Monday, April 19, 2010


If you had a flight planned to or from Europe in the past few days, chances are you've heard about the volcanic eruption in Iceland. Mt. Eyjafjallajokull, a/k/a #@$%&*!@, which hadn't erupted since 1823 suddenly woke up. Potentially a bigger problem in the near future is Mt. Katla, 15 miles away, which, historically, has erupted shortly after every time Eyjafjallajokull has erupted because they both draw from the same pool of magma. The 1823 eruption wasn't a big issue for air travel except for the occasional balloon or two. Delayed or cancelled flights because of natural events like hurricanes, snowstorms, and the like are not unusual. But those normally go away in a day or so.

Volcanic eruptions are different--they can last for months or even years. The airborne ash clogs up the aircraft's jet engines, shutting them off. What's worse is that the ash is invisible to the pilots until it's too late. Recent years have seen several instances of airplanes flying through volcanic ash and diving thousands of feet until the pilots could get the engines re-started. Fortunately none have crashed. Interestingly, propeller planes can fly through the ash without harm. Currently in Europe there is a huge rush by corporate executives to rent small prop planes to get back to work.

The fallout from the eruption, other than the obvious (corrosive ash falling from the sky causing acid rain) is the economic impact. Airlines are losing $200 million per day while this is going on. Import and export goods are sitting on the tarmac, unable to get to market. President Obama couldn't physically get to Poland to attend the state funeral of the Polish president and other government officials. In his place, he sent the U.S. ambassador, but he didn't have to fly; he was already there.

Ironically, the eruption hasn't had that much effect in Iceland itself which is fortunate because the country is nearly bankrupt. The volcano is situated at the south end of the country, and the prevailing winds blow the ash away from Iceland. In the immediate vicinity, farmers are taking steps to protect their animal herds from ingesting the ash. The ash contains fluorides which bind to calcium in the animals' bloodstreams which causes bones to become brittle and teeth to fall out. North of the volcano, flash floods have occurred because glacial ice has melted.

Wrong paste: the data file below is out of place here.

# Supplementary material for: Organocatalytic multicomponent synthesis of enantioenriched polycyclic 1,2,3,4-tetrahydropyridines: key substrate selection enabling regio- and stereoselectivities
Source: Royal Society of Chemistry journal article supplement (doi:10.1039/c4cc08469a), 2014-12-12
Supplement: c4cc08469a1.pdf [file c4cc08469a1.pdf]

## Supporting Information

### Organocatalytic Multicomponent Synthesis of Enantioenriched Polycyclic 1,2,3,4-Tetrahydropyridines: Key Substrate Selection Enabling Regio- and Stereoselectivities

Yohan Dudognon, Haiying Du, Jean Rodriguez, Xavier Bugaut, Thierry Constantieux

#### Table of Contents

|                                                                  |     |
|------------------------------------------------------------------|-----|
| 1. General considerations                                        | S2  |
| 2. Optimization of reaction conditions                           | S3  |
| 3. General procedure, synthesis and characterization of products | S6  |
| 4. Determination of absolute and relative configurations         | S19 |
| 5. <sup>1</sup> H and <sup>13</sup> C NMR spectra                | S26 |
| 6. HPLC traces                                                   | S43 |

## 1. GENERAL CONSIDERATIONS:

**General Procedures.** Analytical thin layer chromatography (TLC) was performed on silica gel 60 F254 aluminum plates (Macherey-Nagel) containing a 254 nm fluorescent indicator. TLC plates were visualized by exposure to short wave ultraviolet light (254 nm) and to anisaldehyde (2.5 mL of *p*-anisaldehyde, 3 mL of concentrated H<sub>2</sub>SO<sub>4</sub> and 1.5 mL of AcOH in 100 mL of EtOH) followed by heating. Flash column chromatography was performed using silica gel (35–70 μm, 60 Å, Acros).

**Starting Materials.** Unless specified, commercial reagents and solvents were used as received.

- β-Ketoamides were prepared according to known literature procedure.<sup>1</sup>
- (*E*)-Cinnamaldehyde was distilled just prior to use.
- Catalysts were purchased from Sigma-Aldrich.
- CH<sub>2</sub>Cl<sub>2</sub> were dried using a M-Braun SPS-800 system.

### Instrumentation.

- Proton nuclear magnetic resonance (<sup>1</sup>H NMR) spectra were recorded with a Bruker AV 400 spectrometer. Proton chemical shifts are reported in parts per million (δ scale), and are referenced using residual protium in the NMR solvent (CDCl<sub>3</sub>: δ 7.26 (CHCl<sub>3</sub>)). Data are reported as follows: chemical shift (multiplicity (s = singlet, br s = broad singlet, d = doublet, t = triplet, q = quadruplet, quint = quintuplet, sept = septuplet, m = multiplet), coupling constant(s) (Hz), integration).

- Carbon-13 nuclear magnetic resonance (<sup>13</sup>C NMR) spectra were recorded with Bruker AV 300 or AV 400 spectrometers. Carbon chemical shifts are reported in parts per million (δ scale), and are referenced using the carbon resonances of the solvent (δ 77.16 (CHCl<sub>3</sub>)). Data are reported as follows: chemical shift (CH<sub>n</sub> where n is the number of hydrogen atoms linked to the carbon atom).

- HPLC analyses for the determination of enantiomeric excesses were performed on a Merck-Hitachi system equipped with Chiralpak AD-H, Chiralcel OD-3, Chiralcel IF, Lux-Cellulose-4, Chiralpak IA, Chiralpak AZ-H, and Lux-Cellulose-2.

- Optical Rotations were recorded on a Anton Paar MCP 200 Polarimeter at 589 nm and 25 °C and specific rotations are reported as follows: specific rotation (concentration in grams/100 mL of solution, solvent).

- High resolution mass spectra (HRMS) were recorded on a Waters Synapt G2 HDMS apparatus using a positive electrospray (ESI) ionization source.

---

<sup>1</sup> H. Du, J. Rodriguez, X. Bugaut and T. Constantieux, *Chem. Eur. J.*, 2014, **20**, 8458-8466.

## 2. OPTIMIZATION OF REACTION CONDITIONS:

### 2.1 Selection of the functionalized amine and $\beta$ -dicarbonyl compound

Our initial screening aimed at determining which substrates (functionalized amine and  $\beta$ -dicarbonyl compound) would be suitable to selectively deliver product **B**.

Aside from air travel and commerce, the sticky part is the climatic effects of a major eruption. The eruption releases sulfates into the atmosphere which reflect sunlight back into space. You may recall Mt. Pinatubo in the Philippines erupted in 1991, which caused the world temperature to drop more than 1/2 degree Celsius in 1992and 1993. That may not sound like much, but it caused an extremely cool summer in much of the U.S., not to mention a severe winter. Incidentally, during the last Ice Age, the world temperature was 5 degrees Celsius colder than it is now. At least in 1991, the Northern tier of the U.S. didn't have snow like it did in 1816 (courtesy of Mt. Tambora in Indonesia). See KENSUSKINREPORT, 8/26/07. With a short growing season, we'd be looking at crop failures throughout the world.

In my 2007 article entitled 1816--THE YEAR WITHOUT A SUMMER:

In Europe, the weather was just as bad. The authors Percy Bysshe Shelley and his wife Mary, along with John William Polidori went on vacation to Lord Byron's house on the banks of Lake Geneva in Switzerland. The weather was cold and rainy, and the trio could not enjoy their holiday. So they decided to have a contest to see who could write the scariest story. Although she didn't live long enough to cash in on the movie rights, Mary Shelley won the contest with her work, now called Frankenstein. Polidori wrote the novel, The Vampire, which was the inspiration for Bram Stoker's later novel Dracula.

Although my spell check is going crazy, Eyjafjallajokull is fast becoming a household word, even if we don't know how to pronounce it. Under the new rules for Scrabble which now allow proper names, you can impress your partner with the name of the volcano, until you run out of J's. But we'd better hope it stops before we get to that point.